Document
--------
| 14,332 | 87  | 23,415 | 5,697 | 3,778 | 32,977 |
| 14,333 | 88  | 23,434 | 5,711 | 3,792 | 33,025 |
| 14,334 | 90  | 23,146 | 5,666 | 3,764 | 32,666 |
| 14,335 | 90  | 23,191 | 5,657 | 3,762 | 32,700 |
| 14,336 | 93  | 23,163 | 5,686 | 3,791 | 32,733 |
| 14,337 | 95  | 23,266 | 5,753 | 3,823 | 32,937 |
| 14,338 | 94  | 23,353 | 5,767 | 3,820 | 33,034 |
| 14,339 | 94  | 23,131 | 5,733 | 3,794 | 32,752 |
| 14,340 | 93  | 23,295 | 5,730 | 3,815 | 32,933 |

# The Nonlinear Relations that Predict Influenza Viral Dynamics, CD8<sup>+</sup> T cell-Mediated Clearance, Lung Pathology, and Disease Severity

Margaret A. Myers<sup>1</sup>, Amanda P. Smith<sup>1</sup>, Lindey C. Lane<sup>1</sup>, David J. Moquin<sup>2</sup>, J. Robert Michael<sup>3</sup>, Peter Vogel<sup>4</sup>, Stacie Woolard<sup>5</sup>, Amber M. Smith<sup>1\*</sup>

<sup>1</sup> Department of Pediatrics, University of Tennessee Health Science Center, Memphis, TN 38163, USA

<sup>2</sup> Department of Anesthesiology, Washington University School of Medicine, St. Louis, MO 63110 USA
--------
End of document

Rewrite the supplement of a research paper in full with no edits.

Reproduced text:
| 14,332 | 87  | 23,415 | 5,697 | 3,778 | 32,977 |
| 14,333 | 88  | 23,434 | 5,711 | 3,792 | 33,025 |
| 14,334 | 90  | 23,146 | 5,666 | 3,764 | 32,666 |
| 14,335 | 90  | 23,191 | 5,657 | 3,762 | 32,700 |
| 14,336 | 93  | 23,163 | 5,686 | 3,791 | 32,733 |
| 14,337 | 95  | 23,266 | 5,753 | 3,823 | 32,937 |
| 14,338 | 94  | 23,353 | 5,767 | 3,820 | 33,034 |
| 14,339 | 94  | 23,131 | 5,733 | 3,794 | 32,752 |
| 14,340 | 93  | 23,295 | 5,730 | 3,815 | 32,933 |

# The Nonlinear Relations that Predict Influenza Viral Dynamics, CD8<sup>+</sup> T cell-Mediated Clearance, Lung Pathology, and Disease Severity

Margaret A. Myers<sup>1</sup>, Amanda P. Smith<sup>1</sup>, Lindey C. Lane<sup>1</sup>, David J. Moquin<sup>2</sup>, J. Robert Michael<sup>3</sup>, Peter Vogel<sup>4</sup>, Stacie Woolard<sup>5</sup>, Amber M. Smith<sup>1\*</sup>

<sup>1</sup> Department of Pediatrics, University of Tennessee Health Science Center, Memphis, TN 38163, USA

<sup>2</sup> Department of Anesthesiology, Washington University School of Medicine, St. Louis, MO 63110 USA